Sharethrough launches the Meaningful Content Fund, wants to be the "Secret Santa" of the web
Just like starving children in third world countries, pieces of good journalism going unnoticed online is now a philanthropic issue.
On stage at the Native Advertising Summit in San Francisco today, Sharethrough co-founder and CEO Dan Greenberg announced the Meaningful Content Fund, a $1 million effort to push better content online at the expense of all those cat videos that are oppressing humanity and pretty much ruining the world.
Sharethrough is a native advertising exchange, founded in 2008. Its Meaningful Content Fund has setup an advisory board comprising key figures from Twitter, Chartbeat, Quartz, Medium, and Sharethrough. Following a soft launch in April, Greenberg said, the fund has thus far thrown its weight behind 52 different stories, with the board choosing three to five stories a week (such as Medium's 'The boy whose brain could unlock autism').
Once the content has been chosen, Sharethrough emails the author and then promotes their content through its advertising pipeline, alongside branded content from its clients, bringing an extra "ten to twenty thousand" hits to each chosen article.
"It's like Secret Santa, for the Internet," Greenberg said. "We want to identify and promote under appreciated content."
On a panel alongside Fast Company's Alice Truong, and two Meaningful Content Fund board members, Chartbeat CEO Tony Haile and Twitter's Head of Product innovation and growth, Greenberg said the two main pillars of what made something "meaningful" and worth promoting was the depth of engagement and new, novel thought.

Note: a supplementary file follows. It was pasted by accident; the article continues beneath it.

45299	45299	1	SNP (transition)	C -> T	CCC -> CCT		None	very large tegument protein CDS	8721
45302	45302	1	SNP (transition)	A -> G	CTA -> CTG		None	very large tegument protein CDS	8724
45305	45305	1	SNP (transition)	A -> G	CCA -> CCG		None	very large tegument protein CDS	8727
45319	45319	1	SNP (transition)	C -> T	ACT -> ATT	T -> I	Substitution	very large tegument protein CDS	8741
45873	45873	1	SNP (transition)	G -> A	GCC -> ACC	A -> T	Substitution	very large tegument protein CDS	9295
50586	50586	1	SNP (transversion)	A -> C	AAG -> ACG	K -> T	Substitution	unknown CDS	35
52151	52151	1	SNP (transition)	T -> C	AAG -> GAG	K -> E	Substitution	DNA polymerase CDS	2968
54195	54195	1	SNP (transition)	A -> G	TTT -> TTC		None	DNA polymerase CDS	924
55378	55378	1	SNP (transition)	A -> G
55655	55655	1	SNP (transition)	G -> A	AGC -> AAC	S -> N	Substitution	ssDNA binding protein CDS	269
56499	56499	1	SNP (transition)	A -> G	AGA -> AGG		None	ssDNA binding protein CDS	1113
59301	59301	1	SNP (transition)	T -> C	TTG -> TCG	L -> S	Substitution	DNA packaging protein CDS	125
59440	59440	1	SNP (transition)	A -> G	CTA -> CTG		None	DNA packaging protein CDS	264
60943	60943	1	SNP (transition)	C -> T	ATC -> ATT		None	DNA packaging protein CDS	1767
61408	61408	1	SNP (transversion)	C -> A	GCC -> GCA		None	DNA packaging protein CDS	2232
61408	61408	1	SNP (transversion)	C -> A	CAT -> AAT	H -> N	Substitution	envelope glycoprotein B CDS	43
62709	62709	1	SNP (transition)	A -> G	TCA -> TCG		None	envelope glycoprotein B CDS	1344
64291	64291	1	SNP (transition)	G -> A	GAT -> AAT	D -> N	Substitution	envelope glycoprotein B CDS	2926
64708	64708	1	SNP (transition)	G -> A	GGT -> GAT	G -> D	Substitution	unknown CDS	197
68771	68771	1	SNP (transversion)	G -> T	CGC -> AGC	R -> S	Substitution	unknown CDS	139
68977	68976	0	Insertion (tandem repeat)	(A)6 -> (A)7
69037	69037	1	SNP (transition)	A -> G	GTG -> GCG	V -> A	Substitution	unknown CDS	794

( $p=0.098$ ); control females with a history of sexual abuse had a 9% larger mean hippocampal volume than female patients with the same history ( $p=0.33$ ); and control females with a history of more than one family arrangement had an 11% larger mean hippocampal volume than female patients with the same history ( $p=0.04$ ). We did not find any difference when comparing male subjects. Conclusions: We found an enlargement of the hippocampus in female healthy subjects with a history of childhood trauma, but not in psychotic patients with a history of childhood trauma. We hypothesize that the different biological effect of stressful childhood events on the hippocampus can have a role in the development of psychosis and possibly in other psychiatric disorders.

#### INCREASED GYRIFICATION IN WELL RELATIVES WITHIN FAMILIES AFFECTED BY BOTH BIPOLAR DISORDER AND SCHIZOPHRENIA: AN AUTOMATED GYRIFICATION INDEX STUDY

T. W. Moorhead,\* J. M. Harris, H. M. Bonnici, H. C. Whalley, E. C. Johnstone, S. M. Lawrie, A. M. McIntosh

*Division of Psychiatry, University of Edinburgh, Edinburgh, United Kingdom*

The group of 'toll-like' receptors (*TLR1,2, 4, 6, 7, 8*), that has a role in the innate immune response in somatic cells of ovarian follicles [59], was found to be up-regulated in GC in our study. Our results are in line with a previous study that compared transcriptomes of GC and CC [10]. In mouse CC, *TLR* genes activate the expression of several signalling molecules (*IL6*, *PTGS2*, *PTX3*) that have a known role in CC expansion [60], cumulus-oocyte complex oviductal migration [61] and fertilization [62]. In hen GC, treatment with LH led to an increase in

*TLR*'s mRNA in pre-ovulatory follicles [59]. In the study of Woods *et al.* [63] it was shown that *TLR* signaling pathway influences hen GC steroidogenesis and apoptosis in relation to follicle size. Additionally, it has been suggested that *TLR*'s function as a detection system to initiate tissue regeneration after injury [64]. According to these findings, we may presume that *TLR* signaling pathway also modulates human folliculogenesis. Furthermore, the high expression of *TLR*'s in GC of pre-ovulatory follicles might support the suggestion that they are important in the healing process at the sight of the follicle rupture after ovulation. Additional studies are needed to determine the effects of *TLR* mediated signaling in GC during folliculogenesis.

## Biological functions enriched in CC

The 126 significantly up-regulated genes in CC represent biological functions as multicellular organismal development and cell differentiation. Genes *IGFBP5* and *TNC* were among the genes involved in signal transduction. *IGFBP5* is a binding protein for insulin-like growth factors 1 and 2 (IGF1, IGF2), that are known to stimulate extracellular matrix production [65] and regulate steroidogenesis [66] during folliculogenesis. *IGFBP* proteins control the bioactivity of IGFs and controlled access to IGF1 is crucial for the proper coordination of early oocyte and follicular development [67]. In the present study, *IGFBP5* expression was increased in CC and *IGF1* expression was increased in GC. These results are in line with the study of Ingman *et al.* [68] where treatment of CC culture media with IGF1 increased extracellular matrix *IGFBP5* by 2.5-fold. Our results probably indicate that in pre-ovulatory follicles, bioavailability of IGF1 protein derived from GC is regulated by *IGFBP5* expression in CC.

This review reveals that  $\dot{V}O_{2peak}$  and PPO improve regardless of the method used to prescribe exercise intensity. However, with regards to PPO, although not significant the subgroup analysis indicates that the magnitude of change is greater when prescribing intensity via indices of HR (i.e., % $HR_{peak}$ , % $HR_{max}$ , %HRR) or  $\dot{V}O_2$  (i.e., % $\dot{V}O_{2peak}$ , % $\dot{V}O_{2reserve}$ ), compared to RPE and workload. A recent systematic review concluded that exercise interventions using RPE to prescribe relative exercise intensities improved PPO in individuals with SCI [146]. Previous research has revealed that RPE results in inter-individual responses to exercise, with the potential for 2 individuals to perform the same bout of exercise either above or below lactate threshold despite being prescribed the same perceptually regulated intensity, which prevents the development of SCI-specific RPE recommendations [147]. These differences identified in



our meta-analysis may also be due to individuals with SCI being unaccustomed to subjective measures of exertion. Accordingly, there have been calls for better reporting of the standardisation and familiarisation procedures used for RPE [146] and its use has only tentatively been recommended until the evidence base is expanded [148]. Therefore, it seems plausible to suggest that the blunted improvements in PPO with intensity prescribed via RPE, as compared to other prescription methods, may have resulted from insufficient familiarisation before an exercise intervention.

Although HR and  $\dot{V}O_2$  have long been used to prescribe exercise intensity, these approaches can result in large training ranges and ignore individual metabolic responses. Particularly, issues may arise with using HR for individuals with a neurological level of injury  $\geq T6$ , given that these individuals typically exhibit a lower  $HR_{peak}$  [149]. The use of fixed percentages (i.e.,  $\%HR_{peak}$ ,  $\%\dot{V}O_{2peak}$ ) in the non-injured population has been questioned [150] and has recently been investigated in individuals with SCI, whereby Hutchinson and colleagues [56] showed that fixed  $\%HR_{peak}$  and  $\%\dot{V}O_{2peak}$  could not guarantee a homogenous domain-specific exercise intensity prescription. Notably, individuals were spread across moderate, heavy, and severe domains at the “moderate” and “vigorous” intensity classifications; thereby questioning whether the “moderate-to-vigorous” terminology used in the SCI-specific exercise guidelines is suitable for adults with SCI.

Greenberg was uneasy, however, at being too declarative about what made something empirically meaningful. "I don’t want to lay it down and make a broad sweeping statement," he said.
Which is kind of the issue. As well intentioned as the Meaningful Content Fund may be -- which it is -- it's still a grouping of companies with skin in the game (hence, Medium editor on the board, Medium story getting promoted) deciding what content is more important than other stories.
The longevity and traction the Meaningful Content Fund will find will be a matter of how tragic people find it that not every piece of good work published online each day finds a deserving audience. In most cases, good stories and good work still does find a way.
In slightly overdramatic fashion, Greenberg and his fellow panelists spent much of their 30 minutes on stage pitching to the audience about the heartbreaking plight of the under read, yet still worthy story. The panel ran somewhat like a satirical World Vision ad for content creators fed up with the new age of social media.
“It’s a shame that this fund has to exist at all. It’s a shame we have to prime the pump to get good quality content out there,” Chartbeat's Haile said.
Twitter's Buckhouse later mused, “Stories are these tiny machines that effect change in the mind of the recipient. Part of what we find interesting… is thinking about which of these tiny machines are we sending out into the world.”
Like all good social issue ads, Greenberg signed off with a call to action.
“Join this movement, either directly through this group or on your own, if you believe as passionately as we do that meaningful content matters.”